Leo Perutz was not initially required for service in the Austrian Army: despite his earlier military service (where he rose to the rank of corporal) his eyesight was deemed too poor. However, Austria’s need for troops overcame that little problem: he was called to another medical inspection on 16 August 1915. He was declared fit for service on 19 September, and on there 8 October joined his regiment at Szolnok, on the Great Hungarian Plain, about 100 km south-east of Budapest. Exactly a month later, on 8 November 1915, he received the first copy of his first novel, Die Dritten Kugel.
On 28 December 1915, Perutz was sent for officer training in Budapest, to his delight; two days later he sent off his second novel Das Mangobaumwunder (which he wrote with Paul Frank) to the publisher. He finished his training in March, and was sent off to the Russian front, where he came down with fever: he sent back the corrected proofs of Das Mangobaumwunder to Munich from the field hospital.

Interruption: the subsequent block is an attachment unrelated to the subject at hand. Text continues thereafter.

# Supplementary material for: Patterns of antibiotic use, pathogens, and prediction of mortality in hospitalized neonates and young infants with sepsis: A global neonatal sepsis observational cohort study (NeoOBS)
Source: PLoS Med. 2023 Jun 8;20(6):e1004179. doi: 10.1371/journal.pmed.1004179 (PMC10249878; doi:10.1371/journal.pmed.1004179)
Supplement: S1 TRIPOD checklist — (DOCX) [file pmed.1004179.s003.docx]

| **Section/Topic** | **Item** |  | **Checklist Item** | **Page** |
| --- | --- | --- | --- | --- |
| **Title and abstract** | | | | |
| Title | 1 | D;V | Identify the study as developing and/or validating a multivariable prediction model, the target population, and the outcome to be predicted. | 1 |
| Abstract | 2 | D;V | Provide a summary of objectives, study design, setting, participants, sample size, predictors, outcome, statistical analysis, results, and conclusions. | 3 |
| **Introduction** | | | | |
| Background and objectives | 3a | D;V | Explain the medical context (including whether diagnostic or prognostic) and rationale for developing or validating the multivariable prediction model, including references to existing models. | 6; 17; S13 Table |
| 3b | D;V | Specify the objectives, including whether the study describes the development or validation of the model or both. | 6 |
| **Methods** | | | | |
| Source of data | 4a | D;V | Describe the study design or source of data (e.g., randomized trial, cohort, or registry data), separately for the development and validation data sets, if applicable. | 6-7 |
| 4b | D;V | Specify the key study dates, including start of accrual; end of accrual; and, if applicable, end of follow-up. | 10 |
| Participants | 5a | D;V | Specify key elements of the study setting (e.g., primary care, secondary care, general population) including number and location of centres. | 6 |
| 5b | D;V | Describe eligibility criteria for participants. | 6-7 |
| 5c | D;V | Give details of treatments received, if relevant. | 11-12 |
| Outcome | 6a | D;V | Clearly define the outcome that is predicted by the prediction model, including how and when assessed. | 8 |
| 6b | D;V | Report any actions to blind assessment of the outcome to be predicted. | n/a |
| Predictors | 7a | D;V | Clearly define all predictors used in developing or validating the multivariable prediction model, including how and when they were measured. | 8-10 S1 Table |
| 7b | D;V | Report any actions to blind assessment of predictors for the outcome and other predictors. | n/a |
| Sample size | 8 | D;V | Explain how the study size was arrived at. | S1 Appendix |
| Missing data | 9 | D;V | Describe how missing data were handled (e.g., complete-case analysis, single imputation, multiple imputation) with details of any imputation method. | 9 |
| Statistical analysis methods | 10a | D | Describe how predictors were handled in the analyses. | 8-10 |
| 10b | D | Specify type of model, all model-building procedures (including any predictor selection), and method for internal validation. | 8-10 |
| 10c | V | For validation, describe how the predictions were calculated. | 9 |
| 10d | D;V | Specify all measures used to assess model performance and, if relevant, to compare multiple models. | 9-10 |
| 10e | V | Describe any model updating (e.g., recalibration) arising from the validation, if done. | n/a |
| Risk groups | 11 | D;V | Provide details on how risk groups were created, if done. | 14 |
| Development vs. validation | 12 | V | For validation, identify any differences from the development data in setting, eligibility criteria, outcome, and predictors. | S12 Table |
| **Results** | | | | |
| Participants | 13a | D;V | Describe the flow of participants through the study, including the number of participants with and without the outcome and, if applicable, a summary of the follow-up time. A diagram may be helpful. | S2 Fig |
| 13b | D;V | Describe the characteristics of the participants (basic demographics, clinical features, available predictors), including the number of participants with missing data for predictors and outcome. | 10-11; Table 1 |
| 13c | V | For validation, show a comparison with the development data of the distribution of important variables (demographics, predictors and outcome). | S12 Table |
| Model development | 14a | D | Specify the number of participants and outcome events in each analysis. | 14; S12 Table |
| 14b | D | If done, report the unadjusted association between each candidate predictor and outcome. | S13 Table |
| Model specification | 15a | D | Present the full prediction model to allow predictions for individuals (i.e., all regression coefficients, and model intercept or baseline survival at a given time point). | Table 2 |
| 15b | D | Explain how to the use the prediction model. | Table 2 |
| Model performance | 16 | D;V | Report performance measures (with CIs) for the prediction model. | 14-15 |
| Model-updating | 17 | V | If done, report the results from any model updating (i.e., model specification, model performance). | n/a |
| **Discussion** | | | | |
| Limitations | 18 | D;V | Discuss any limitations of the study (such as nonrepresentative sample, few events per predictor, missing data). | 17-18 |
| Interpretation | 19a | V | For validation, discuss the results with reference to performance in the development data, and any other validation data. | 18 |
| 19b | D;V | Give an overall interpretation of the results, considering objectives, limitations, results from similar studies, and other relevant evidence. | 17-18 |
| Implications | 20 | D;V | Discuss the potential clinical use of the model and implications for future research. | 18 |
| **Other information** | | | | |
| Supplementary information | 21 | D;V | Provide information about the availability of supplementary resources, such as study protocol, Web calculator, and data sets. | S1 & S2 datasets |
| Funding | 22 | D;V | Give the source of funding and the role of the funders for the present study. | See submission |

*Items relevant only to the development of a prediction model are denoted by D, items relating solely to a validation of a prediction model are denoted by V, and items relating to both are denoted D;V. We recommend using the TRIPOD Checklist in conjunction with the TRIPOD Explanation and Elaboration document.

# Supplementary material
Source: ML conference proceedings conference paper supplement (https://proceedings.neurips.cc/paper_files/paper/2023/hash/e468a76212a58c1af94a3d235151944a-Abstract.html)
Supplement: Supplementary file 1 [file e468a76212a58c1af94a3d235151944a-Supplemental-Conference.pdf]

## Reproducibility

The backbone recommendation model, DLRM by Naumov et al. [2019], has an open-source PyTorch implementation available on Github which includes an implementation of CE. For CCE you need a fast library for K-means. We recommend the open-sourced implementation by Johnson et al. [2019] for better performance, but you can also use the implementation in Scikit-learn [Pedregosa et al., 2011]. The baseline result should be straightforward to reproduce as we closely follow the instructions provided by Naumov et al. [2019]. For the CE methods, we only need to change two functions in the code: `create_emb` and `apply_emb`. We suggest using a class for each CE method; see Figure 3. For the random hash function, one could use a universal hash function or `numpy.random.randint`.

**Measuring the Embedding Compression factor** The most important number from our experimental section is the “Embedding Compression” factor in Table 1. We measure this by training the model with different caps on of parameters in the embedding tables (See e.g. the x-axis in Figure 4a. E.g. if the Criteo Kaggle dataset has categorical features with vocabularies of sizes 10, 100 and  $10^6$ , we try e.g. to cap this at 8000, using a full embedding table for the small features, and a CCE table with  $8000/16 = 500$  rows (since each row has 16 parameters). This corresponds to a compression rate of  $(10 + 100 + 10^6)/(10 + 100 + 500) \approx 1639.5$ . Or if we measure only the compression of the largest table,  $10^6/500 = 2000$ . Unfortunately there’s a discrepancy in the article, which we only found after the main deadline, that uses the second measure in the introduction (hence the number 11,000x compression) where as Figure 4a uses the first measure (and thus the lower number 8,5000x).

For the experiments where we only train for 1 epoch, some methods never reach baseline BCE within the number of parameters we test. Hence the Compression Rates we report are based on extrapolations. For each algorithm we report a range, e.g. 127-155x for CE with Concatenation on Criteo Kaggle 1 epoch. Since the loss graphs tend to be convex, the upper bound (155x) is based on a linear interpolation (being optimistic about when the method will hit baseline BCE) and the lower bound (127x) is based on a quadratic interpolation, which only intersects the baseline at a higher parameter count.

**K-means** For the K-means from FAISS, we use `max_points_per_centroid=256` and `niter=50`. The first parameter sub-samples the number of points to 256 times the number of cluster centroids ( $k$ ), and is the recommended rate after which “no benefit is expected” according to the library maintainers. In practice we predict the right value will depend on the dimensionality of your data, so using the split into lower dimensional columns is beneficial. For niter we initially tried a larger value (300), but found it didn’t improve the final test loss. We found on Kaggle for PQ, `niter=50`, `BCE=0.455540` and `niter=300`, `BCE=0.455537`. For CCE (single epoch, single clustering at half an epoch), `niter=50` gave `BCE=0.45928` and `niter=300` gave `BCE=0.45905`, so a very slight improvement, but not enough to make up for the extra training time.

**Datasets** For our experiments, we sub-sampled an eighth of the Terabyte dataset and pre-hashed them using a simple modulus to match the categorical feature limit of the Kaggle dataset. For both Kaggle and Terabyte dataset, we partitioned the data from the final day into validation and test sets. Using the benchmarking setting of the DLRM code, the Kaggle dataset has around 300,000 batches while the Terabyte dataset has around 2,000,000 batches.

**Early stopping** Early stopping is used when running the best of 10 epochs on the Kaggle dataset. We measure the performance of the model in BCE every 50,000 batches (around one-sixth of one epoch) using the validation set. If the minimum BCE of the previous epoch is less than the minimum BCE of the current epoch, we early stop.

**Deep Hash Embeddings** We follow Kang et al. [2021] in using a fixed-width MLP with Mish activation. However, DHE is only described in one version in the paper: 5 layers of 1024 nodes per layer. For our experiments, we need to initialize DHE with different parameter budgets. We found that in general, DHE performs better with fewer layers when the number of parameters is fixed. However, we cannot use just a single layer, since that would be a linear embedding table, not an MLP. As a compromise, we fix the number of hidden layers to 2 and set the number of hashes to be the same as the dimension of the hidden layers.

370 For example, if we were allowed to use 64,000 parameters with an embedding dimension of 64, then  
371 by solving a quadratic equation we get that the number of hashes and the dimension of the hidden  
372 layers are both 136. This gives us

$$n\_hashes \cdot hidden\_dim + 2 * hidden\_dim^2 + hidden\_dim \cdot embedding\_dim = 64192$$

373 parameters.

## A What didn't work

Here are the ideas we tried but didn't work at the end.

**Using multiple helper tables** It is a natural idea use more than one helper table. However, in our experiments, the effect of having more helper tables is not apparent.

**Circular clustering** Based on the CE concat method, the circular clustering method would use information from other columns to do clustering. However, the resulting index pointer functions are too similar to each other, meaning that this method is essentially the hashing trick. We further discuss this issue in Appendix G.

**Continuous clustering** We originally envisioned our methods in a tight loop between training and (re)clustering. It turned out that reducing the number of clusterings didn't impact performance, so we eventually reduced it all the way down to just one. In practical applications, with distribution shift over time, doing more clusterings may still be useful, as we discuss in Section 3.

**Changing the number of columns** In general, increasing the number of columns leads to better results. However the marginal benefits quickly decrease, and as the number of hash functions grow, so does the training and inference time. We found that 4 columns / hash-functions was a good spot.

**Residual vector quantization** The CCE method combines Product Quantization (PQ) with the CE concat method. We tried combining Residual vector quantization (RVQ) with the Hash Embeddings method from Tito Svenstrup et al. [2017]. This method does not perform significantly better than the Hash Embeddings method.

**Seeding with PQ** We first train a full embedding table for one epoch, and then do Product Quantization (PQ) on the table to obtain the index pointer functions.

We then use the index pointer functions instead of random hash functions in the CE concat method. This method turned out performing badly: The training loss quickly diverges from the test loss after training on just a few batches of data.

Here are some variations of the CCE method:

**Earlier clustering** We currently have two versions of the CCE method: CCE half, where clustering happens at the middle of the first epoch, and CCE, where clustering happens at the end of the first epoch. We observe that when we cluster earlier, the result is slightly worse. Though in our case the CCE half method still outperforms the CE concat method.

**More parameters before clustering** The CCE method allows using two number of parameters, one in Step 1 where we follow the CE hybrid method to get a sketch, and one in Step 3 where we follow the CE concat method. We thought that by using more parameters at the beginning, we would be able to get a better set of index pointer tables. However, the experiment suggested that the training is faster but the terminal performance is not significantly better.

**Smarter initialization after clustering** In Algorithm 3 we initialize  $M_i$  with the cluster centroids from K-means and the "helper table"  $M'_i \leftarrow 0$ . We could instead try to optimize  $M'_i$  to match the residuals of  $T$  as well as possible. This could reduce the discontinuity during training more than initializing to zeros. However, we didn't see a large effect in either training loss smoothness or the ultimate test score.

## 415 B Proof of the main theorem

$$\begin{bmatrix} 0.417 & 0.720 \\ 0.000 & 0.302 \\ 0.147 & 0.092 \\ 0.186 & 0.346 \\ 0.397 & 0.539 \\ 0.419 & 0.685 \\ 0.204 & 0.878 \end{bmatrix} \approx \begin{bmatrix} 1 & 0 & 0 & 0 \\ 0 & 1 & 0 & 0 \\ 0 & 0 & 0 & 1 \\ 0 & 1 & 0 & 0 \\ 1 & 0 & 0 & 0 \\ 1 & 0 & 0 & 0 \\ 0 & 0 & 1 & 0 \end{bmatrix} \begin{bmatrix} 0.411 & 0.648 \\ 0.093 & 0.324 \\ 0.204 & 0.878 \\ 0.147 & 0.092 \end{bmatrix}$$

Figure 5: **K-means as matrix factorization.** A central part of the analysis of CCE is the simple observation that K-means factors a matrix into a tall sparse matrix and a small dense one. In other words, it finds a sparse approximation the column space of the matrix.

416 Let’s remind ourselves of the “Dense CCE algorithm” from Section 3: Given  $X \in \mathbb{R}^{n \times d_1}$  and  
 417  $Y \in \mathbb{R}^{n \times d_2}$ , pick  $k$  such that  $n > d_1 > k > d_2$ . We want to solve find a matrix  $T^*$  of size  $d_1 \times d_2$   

His battalion engaged with the Russians from the middle of June 1916. On 4 or 5 July he was shot in the chest; he had an operation to remove a bullet from near the lung. On 14 July he was moved to another hospital, “frightened and breathless”, and on 18 July he underwent a second operation (Müller 105). His recovery was slow. It was the middle of September before he was reckoned to be well enough to be transported from Hungary back to hospital in Vienna.
While in hospital he was promoted to lieutenant. But for the rest of the war he remained felddienstuntauglich, “unfit for active duty”, and he undertook clerical jobs only. In the latter part of the war he worked as a censor for prisoner-of-war correspondence.
My information comes from Hans-Harald Müller, Leo Perutz: Biographie (Vienna: Paul Zsolnay, 2007).